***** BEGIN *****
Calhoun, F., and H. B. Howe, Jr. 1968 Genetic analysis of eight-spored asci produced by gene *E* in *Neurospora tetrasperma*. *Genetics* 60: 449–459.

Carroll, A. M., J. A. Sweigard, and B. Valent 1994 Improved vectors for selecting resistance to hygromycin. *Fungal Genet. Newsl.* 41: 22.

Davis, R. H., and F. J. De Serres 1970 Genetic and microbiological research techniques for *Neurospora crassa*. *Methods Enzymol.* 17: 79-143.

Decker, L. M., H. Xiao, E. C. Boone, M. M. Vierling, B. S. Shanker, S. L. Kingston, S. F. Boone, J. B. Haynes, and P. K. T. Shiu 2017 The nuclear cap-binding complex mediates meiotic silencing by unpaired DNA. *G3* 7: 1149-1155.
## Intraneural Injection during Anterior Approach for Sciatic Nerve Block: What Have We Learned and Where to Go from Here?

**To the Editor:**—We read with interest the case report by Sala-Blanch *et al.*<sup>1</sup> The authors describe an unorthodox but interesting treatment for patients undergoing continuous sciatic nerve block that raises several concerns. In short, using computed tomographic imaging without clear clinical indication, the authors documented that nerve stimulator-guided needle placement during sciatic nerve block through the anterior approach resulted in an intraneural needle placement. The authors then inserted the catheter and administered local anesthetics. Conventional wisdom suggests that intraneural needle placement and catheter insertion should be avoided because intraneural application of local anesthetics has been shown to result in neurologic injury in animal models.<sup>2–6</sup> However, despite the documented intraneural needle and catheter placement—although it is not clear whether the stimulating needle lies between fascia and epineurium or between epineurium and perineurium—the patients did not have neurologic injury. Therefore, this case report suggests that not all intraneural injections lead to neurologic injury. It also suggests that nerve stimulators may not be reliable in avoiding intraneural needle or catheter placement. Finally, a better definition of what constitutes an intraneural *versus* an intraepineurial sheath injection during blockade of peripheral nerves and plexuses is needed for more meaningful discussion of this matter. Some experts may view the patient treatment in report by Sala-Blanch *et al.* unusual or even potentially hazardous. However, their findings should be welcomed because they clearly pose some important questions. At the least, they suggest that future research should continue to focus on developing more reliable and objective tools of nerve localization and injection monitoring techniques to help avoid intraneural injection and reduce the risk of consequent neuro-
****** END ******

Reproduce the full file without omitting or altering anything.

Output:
Calhoun, F., and H. B. Howe, Jr. 1968 Genetic analysis of eight-spored asci produced by gene *E* in *Neurospora tetrasperma*. *Genetics* 60: 449–459.

Carroll, A. M., J. A. Sweigard, and B. Valent 1994 Improved vectors for selecting resistance to hygromycin. *Fungal Genet. Newsl.* 41: 22.

Davis, R. H., and F. J. De Serres 1970 Genetic and microbiological research techniques for *Neurospora crassa*. *Methods Enzymol.* 17: 79-143.

Decker, L. M., H. Xiao, E. C. Boone, M. M. Vierling, B. S. Shanker, S. L. Kingston, S. F. Boone, J. B. Haynes, and P. K. T. Shiu 2017 The nuclear cap-binding complex mediates meiotic silencing by unpaired DNA. *G3* 7: 1149-1155.
## Intraneural Injection during Anterior Approach for Sciatic Nerve Block: What Have We Learned and Where to Go from Here?

**To the Editor:**—We read with interest the case report by Sala-Blanch *et al.*<sup>1</sup> The authors describe an unorthodox but interesting treatment for patients undergoing continuous sciatic nerve block that raises several concerns. In short, using computed tomographic imaging without clear clinical indication, the authors documented that nerve stimulator-guided needle placement during sciatic nerve block through the anterior approach resulted in an intraneural needle placement. The authors then inserted the catheter and administered local anesthetics. Conventional wisdom suggests that intraneural needle placement and catheter insertion should be avoided because intraneural application of local anesthetics has been shown to result in neurologic injury in animal models.<sup>2–6</sup> However, despite the documented intraneural needle and catheter placement—although it is not clear whether the stimulating needle lies between fascia and epineurium or between epineurium and perineurium—the patients did not have neurologic injury. Therefore, this case report suggests that not all intraneural injections lead to neurologic injury. It also suggests that nerve stimulators may not be reliable in avoiding intraneural needle or catheter placement. Finally, a better definition of what constitutes an intraneural *versus* an intraepineurial sheath injection during blockade of peripheral nerves and plexuses is needed for more meaningful discussion of this matter. Some experts may view the patient treatment in report by Sala-Blanch *et al.* unusual or even potentially hazardous. However, their findings should be welcomed because they clearly pose some important questions. At the least, they suggest that future research should continue to focus on developing more reliable and objective tools of nerve localization and injection monitoring techniques to help avoid intraneural injection and reduce the risk of consequent neuro-